Fukuda Cabinet E-mail Magazine No.35 (June 12, 2008) ============================================================
"Never give up. This is Yasuo Fukuda."
Last Sunday, I conversed with astronaut Akihiko Hoshide in outer space, who successfully attached the inboard laboratory of the Japanese Experiment Module "Kibo" to the International Space Station.
"Seen through the window, I felt that the Earth's existence is truly wonderful and fragile."
The beautiful Earth that Mr. Hoshide spoke of is beset by a variety of problems on the ground. Since the Industrial Revolution, human society has developed at breakneck speed utilizing fossil fuels such as coal and petroleum as energy sources. But more than 200 years after the Industrial Revolution, we now stand at a major crossroads.
The price of a barrel of crude oil, which used to sell for a dollar back when I was working for an oil company about 40 years ago, has now surpassed 130 dollars. Moreover, the surge in energy prices is linked to the global food problem, which I mentioned in last week's e-mail magazine.
According to a United Nations report, global warming, which is caused by an increase in the atmosphere of the concentration of greenhouse gases such as CO2, has the potential to create serious problems if the situation continues as it is with regard to climate, water, and ecosystems.
In order to protect our planet and ensure that we hand down to future generations a "truly wonderful" Earth, those of us alive today have to start off a process of major change -- a "low-carbon revolution" -- which will be comparable in significance to the Industrial Revolution that commenced more than two centuries ago.
What should Japan do, then, to bring about this revolution? I announced my ideas at the beginning of this week. However, this is not something that can be solved by government action alone.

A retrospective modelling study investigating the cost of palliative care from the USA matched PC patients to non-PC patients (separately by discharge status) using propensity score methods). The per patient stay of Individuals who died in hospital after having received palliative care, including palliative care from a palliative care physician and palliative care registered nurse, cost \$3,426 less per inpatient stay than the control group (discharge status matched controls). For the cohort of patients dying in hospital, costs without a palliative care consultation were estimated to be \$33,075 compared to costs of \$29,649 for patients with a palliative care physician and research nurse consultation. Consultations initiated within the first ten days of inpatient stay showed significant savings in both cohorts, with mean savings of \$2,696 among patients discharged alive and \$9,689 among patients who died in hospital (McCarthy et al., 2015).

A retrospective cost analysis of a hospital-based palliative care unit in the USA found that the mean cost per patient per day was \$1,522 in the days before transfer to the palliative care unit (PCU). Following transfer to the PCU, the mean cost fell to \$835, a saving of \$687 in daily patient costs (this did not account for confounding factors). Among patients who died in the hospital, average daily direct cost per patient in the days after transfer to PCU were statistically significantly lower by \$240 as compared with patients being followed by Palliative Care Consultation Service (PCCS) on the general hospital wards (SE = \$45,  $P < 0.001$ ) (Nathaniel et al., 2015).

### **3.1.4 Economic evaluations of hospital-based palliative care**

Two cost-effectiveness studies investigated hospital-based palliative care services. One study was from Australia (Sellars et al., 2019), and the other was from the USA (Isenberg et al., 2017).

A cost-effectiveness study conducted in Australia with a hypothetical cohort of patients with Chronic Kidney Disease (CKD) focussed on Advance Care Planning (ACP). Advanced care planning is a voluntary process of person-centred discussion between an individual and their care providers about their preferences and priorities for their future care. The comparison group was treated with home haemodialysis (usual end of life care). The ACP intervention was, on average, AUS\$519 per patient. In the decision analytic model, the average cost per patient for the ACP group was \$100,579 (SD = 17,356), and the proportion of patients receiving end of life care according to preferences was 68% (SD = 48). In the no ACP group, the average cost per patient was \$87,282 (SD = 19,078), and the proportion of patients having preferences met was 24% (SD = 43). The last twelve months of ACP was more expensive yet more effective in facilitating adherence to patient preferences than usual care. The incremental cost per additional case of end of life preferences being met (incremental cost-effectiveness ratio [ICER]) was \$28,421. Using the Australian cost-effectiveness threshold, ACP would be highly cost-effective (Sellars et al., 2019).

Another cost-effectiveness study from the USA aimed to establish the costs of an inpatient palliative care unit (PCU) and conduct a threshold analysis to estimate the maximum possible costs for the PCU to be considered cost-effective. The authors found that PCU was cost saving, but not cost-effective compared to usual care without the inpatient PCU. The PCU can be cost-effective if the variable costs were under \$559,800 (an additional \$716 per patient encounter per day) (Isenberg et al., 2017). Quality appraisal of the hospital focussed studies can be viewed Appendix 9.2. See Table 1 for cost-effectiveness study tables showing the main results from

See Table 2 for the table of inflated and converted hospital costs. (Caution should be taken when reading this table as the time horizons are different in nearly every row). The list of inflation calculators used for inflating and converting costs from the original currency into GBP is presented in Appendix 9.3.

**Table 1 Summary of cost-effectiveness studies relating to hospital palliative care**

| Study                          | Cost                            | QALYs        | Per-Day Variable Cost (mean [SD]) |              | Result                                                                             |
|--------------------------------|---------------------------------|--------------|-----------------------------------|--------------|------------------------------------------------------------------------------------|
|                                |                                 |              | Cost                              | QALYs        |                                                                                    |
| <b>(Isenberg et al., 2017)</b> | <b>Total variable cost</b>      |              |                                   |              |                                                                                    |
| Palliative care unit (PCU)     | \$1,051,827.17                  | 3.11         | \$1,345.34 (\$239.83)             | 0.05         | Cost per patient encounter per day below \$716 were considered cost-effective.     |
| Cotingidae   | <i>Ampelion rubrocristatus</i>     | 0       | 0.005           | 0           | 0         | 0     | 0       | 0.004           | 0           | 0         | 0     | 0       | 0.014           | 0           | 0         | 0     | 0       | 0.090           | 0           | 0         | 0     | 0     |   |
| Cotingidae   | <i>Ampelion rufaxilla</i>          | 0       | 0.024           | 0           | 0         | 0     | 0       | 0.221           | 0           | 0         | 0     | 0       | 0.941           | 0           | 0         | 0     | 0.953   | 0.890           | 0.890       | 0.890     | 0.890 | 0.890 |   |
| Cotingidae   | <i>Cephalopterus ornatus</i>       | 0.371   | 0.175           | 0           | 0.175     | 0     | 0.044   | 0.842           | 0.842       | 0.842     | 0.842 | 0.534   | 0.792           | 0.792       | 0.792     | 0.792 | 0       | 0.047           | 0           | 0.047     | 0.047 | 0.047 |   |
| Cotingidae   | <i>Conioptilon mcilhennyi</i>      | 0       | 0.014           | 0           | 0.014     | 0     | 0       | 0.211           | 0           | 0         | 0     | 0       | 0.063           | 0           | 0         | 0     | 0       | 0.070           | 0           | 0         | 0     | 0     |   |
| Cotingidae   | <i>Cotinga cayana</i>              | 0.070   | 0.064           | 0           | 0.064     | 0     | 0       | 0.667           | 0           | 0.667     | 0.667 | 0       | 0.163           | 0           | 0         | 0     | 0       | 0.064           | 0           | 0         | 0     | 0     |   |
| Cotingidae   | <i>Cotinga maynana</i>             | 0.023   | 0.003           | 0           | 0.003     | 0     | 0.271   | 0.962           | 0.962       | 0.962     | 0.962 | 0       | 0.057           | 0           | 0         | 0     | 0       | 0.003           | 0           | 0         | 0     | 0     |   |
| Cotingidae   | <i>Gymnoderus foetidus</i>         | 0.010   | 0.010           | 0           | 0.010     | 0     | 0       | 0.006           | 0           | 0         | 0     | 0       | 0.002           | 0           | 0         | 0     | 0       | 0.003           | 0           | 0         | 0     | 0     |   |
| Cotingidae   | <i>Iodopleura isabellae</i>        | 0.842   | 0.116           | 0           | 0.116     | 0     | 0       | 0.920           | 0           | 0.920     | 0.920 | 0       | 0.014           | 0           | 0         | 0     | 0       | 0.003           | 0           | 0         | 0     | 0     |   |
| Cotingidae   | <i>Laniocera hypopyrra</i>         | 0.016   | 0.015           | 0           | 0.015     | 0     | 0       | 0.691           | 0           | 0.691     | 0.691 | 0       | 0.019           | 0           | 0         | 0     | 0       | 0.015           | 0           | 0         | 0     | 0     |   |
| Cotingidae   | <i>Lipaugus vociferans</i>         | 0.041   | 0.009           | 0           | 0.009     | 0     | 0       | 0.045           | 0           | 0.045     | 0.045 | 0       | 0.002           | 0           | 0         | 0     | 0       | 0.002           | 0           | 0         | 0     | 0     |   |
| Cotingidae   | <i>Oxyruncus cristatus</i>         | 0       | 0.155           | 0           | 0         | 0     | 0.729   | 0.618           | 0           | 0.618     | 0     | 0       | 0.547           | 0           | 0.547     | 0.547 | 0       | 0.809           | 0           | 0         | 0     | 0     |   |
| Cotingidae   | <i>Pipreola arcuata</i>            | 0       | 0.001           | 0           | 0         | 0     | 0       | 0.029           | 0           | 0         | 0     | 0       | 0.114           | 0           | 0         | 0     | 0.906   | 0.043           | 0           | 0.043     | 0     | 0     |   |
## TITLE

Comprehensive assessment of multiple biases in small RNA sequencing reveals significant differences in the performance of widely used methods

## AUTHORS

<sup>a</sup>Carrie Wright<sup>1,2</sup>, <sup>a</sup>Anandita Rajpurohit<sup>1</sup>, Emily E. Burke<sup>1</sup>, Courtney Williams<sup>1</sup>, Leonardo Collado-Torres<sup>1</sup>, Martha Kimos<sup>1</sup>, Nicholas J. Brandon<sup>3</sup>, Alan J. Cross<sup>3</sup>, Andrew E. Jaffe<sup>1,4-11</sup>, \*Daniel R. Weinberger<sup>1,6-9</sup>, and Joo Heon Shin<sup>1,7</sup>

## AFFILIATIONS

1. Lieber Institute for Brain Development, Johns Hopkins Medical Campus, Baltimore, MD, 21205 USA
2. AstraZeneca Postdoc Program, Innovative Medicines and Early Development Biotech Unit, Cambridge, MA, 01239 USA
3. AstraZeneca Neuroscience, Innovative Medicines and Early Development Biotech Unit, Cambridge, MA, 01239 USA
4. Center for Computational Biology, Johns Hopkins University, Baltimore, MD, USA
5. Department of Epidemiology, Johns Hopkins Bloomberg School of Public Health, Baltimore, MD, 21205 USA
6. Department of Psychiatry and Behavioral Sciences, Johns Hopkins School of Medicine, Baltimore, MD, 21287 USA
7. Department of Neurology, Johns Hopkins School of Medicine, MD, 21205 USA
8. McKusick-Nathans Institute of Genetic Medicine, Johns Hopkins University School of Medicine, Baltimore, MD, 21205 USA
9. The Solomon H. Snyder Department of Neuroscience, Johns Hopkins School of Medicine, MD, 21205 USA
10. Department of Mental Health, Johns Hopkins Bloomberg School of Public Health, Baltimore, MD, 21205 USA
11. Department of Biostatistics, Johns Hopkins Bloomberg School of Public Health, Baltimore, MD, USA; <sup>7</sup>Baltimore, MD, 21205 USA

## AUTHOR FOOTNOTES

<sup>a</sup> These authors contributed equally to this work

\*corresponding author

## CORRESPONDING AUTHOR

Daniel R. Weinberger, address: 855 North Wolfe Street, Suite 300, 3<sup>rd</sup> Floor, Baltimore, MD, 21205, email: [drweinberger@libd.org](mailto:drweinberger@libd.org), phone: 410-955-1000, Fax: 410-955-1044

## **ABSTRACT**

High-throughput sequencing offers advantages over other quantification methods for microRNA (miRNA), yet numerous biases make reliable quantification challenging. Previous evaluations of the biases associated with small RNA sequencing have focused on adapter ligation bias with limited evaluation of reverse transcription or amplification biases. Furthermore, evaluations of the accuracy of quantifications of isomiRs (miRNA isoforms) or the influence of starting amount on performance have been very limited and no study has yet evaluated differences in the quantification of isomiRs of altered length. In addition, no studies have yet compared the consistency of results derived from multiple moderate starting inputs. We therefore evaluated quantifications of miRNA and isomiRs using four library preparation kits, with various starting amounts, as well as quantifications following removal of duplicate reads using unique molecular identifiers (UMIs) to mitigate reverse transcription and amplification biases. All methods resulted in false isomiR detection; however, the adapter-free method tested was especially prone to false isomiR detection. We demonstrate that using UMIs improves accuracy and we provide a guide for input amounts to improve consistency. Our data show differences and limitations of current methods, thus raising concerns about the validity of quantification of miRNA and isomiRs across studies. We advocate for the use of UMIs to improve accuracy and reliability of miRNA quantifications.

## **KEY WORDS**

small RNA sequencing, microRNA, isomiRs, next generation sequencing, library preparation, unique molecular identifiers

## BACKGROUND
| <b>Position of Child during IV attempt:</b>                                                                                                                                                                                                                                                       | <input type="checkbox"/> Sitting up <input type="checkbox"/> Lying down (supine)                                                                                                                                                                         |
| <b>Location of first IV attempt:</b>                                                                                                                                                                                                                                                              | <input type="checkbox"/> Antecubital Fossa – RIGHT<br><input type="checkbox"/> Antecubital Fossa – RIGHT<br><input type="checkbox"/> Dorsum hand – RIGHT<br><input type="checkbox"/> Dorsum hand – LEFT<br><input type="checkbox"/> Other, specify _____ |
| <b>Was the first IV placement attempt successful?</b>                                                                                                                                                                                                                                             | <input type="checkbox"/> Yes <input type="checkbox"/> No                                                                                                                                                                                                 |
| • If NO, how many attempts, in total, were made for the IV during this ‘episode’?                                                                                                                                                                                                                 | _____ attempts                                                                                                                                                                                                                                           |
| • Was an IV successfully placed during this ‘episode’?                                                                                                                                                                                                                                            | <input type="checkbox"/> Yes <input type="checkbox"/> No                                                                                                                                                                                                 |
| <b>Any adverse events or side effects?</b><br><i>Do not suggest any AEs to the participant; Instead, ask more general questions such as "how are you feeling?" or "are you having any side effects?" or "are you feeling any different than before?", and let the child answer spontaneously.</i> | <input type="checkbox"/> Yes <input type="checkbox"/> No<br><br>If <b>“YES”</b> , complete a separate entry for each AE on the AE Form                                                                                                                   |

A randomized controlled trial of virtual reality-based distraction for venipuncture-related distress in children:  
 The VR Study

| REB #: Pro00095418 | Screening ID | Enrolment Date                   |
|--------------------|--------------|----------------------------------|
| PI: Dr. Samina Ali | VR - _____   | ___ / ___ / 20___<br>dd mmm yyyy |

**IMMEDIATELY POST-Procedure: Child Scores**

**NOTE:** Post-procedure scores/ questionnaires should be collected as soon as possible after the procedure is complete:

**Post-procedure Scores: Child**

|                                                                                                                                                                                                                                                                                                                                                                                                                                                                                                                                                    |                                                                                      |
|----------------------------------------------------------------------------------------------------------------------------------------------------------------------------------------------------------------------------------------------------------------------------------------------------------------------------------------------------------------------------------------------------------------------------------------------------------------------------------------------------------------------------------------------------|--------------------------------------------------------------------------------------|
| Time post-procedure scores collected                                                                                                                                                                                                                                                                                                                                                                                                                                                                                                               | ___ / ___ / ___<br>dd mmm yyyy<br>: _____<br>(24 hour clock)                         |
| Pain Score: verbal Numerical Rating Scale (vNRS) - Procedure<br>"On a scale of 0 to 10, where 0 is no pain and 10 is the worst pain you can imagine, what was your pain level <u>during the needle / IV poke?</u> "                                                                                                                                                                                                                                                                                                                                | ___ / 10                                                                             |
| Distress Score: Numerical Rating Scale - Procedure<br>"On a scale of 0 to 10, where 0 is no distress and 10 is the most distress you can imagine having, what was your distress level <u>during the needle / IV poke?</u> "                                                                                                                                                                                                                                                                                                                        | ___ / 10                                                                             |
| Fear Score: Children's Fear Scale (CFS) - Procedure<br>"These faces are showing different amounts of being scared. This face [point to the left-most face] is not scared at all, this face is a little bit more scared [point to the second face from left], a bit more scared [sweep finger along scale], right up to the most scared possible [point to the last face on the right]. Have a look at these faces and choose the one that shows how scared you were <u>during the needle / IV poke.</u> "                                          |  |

The joint efforts of government, industry, and local communities are necessary in order to establish a low-carbon society, and each and every one of the people is a part of the driving force of the low-carbon revolution. What is essential is positive actions, including lifestyle choices such as switching to energy-saving home appliances and making greater use of public transport.
This is not an issue for Japan alone. Needless to say, Japan should lead the world forward by making use of the world's most advanced energy-saving technologies. But we should also remember that global warming knows no borders.
The CO2 emission volumes of countries, such as the United States, China, and India, which have not made commitments to curb emissions under the Kyoto Protocol, now account for around 70% of total world emissions. It will be impossible to protect our planet without a concerted global effort.
"Never give up."
This was the advice given by Mr. Hoshide, who on his third attempt realized his own dream of becoming an astronaut, in response to a question from children who asked, "What is important in order to realize your dreams?"
The arduous journey to the low-carbon society has just begun. I would like us all to move forward steadily, one step at a time, together with the people of countries around the world.
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